The record shows that, after receiving the proposals, the agency calculated the offerors’ extended prices for the service desk requirement on the basis of 56,000 bronze, 3,000 silver and 300 gold users per month. AR, exh. 38, at 1. As noted above, these figures were not consistent with either the stated yearly maximum user numbers (960,000 bronze, 600,000 silver, and 180,000 gold users) in RFP section B, nor with maximum monthly user numbers (80,000 bronze, 50,000 silver, and 15,000 gold users). (As for the references elsewhere in the solicitation documents to 56,000 users, there was no indication in such references as to the proportion of users at each service level.)

IBM asserts that the solicitation was materially misleading because it did not accurately reflect the user quantities the agency intended to use for evaluation purposes. IBM maintains that the quantities listed in the RFP for bronze, silver and gold service desk users bore no relationship either to the actual numbers that the agency used to calculate the offerors’ estimated prices for the requirement, or to the relative percentages of different users at each service level. The protester further asserts that Jacobs (the incumbent contractor for the agency’s service desk) either had information relating to the historical levels of service desk usage or, alternatively, had information relating to how the agency intended to evaluate the service desk requirement, that provided it an improper competitive advantage in preparing its proposal.

We sustain this aspect of IBM’s protest. As a general rule, a procuring agency must provide sufficient information in a solicitation so that offerors can compete intelligently and on a relatively equal basis. Meridian Mgmt. Corp., B-285127, July 19, 2000, 2000 CPD ¶ 121 at 6. Based on the record before our Office, we find that the RFP did not reasonably provide offerors adequate information to compete on a relatively equal basis. We also find that that Jacobs apparently had information not possessed by the other offerors that enabled it to prepare its proposal on a materially different basis.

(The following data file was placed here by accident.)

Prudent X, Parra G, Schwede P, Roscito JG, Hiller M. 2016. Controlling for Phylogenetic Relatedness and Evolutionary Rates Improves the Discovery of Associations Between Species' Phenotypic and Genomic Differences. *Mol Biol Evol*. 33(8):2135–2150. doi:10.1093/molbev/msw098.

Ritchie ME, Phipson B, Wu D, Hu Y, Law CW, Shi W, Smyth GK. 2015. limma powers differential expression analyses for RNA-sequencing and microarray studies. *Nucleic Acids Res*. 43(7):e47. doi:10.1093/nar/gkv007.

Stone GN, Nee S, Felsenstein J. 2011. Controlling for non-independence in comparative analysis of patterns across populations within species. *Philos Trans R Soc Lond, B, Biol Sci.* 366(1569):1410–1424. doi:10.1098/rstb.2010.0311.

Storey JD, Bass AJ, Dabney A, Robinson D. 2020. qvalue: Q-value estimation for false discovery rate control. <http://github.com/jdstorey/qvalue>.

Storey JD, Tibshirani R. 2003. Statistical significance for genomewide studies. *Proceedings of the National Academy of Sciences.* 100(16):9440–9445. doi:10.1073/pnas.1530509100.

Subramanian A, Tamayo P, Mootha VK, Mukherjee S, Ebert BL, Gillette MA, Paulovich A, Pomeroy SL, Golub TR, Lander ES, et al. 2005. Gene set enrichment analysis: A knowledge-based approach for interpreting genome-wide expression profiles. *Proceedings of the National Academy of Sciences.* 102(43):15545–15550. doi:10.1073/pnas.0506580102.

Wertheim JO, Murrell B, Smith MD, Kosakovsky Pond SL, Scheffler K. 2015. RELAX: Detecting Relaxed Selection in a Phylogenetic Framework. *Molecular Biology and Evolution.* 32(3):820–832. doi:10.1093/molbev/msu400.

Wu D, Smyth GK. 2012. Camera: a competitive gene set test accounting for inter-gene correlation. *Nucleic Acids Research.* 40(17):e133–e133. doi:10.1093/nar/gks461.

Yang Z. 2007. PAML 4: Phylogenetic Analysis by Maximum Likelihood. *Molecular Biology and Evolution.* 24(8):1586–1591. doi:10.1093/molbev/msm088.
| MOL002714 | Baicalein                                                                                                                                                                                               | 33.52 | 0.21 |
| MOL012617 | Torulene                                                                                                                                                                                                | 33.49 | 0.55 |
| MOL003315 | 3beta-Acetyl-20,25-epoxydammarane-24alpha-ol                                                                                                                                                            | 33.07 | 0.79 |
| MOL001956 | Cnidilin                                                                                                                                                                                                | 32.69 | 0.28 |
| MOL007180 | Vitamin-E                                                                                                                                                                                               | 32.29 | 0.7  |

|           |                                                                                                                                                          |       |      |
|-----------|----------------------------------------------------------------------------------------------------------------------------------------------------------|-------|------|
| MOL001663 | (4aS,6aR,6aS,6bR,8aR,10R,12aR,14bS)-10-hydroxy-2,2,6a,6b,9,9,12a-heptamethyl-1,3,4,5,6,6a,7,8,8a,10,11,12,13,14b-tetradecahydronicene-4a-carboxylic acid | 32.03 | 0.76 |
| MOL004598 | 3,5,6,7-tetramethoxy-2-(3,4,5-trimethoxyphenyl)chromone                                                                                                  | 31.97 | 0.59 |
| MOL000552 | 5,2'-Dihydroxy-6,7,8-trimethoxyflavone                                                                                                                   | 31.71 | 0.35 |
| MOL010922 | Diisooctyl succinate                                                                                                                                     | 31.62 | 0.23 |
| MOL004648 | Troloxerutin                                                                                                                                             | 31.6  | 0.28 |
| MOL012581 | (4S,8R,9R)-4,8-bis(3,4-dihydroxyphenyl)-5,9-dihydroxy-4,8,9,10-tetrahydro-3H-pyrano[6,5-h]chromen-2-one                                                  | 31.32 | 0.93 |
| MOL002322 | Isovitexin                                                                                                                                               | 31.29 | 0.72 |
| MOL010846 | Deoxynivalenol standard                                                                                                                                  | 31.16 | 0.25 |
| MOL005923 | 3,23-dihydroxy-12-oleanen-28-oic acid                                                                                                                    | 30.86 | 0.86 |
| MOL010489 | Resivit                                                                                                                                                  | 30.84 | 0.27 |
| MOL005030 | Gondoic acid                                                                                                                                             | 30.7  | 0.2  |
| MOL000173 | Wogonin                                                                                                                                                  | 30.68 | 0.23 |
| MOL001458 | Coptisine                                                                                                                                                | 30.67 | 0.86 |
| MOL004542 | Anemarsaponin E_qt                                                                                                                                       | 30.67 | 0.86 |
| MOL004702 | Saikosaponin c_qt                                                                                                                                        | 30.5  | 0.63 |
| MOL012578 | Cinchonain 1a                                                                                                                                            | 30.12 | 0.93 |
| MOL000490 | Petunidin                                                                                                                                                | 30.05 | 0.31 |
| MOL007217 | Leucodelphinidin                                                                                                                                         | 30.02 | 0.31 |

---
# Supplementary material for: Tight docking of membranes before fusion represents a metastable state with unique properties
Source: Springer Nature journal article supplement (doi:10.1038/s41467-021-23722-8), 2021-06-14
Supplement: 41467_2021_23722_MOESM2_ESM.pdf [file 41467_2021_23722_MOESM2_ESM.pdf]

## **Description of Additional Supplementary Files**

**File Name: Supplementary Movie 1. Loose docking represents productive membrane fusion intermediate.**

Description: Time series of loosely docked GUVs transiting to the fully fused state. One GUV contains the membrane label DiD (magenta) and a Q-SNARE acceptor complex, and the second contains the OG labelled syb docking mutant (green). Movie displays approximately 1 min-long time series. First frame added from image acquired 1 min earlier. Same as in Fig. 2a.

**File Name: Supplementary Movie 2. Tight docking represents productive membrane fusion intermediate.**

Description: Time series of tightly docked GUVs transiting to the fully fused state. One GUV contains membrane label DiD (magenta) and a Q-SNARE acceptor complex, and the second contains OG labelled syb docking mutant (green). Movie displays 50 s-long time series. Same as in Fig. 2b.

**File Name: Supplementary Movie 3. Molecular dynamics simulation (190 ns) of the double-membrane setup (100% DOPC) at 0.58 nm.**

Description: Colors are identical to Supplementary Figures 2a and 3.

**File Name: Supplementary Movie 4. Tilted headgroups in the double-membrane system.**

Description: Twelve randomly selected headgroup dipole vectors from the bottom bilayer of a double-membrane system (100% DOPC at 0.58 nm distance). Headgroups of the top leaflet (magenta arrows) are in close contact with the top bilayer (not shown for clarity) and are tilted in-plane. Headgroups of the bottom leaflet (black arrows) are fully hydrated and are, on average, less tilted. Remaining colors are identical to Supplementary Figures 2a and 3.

As noted above, based on information in the RFP, the relative percentages of users in each category were approximately 55 percent bronze, 34.5 percent silver and 10.5 percent gold. In contrast, the numbers used by the agency to calculate the offerors’ extended prices for the service desk requirement varied significantly from these percentages; the agency performed its calculations assuming approximately 94.4 percent of all users were at the bronze level (56,000), 5 percent silver (3,000) and .5 percent gold (300). This variance had a material impact on the competition because Jacobs’ proposed prices varied significantly from the other offerors’ prices for silver and gold users, such that, had the agency either used the maximum quantities specified in section B of the RFP for each service level, or applied the relative percentages of users at each service level indicated in section B, Jacobs’ proposal would not have been competitive. In this respect, the offerors’ unit prices for silver and gold were as follows:

Silver

Offeror

Year 1

Year 2

Year 3

Year 4

Year 5

Year 6

Offeror A

[deleted]

[deleted]

[deleted]

[deleted]

[deleted]